In analytical electrochemistry, coulometry determines the amount of matter transformed during an electrolysis reaction by measuring the amount of electricity consumed or produced. It can be used for precision measurements of charge, and the amperes even used to have a coulometric definition. However, today coulometry is mainly used for analytical applications. It is named after Charles-Augustin de Coulomb.

The equivalence point, or stoichiometric point, of a chemical reaction is the point at which chemically equivalent quantities of reactants have been mixed. For an acid-base reaction the equivalence point is where the moles of acid and the moles of base would neutralize each other according to the chemical reaction. This does not necessarily imply a 1:1 molar ratio of acid:base, merely that the ratio is the same as in the chemical reaction. It can be found by means of an indicator, for example phenolphthalein or methyl orange.

Amperometric titration refers to a class of titrations in which the equivalence point is determined through measurement of the electric current produced by the titration reaction. It is a form of quantitative analysis.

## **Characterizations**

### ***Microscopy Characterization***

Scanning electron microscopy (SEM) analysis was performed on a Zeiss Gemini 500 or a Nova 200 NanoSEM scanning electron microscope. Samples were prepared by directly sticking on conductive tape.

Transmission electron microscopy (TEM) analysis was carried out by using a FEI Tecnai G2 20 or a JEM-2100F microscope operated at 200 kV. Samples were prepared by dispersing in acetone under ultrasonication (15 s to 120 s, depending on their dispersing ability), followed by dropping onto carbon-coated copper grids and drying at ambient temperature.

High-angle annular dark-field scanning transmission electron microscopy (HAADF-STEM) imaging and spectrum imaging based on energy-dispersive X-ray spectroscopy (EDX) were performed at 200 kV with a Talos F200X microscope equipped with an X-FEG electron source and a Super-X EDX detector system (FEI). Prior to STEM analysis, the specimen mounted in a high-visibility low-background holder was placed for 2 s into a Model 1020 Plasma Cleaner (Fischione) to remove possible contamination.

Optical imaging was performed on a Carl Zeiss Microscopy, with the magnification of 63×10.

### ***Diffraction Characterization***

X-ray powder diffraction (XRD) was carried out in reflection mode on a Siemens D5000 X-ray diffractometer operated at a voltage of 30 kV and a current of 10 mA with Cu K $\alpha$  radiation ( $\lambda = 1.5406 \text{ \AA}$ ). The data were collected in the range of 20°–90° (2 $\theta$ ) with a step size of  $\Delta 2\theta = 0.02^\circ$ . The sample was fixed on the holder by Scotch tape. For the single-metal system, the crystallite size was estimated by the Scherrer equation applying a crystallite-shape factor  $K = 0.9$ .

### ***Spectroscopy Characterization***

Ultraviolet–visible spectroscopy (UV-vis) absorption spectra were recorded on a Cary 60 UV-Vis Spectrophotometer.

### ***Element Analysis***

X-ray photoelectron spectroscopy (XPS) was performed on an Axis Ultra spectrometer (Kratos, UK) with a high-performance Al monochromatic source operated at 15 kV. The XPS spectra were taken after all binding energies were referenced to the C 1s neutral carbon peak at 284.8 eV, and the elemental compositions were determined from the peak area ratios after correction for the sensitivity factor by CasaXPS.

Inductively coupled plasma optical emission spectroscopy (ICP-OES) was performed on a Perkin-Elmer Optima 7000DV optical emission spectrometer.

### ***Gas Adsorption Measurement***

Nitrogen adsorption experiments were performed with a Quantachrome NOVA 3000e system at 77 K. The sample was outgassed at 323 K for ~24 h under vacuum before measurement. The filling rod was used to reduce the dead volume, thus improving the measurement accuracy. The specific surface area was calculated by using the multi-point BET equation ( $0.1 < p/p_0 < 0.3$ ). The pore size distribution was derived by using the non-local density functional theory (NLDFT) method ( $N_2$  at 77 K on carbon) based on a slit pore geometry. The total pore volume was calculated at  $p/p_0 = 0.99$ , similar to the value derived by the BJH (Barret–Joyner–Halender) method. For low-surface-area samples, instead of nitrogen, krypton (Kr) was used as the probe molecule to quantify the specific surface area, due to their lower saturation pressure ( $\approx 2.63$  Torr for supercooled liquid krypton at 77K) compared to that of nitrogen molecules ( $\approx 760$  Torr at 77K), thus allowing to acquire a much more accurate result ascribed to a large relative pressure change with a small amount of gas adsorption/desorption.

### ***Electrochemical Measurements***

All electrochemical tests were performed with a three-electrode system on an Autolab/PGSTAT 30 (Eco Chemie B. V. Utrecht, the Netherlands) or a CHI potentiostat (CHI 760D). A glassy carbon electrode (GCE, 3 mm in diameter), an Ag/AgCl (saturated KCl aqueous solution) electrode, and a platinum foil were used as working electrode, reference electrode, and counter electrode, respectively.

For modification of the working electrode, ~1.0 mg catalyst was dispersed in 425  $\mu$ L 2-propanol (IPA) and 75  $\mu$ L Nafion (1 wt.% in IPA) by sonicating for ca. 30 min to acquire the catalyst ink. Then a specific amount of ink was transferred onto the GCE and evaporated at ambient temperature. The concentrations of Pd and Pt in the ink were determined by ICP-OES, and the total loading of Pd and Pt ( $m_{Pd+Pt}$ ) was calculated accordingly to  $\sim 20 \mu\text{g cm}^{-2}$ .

Iodometry, known as iodometric titration, is a method of volumetric chemical analysis, a redox titration where the appearance or disappearance of elementary iodine indicates the end point.

In analytical chemistry, a standard solution is a solution containing a precisely known concentration of an element or a substance. A known mass of solute is dissolved to make a specific volume. It is prepared using a standard substance, such as a primary standard. Standard solutions are used to determine the concentrations of other substances, such as solutions in titration. The concentrations of standard solutions are normally expressed in units of moles per litre, moles per cubic decimetre (mol/dm3), kilomoles per cubic metre (kmol/m3) or in terms related to those used in particular titrations. A simple standard is obtained by the dilution of a single element or a substance in a soluble solvent with which it reacts. A primary standard is a reagent that is extremely pure, stable, has no waters of hydration, and has high molecular weight. Some primary standards of titration of acids include sodium carbonate.

<span class="mw-page-title-main">Isothermal titration calorimetry</span>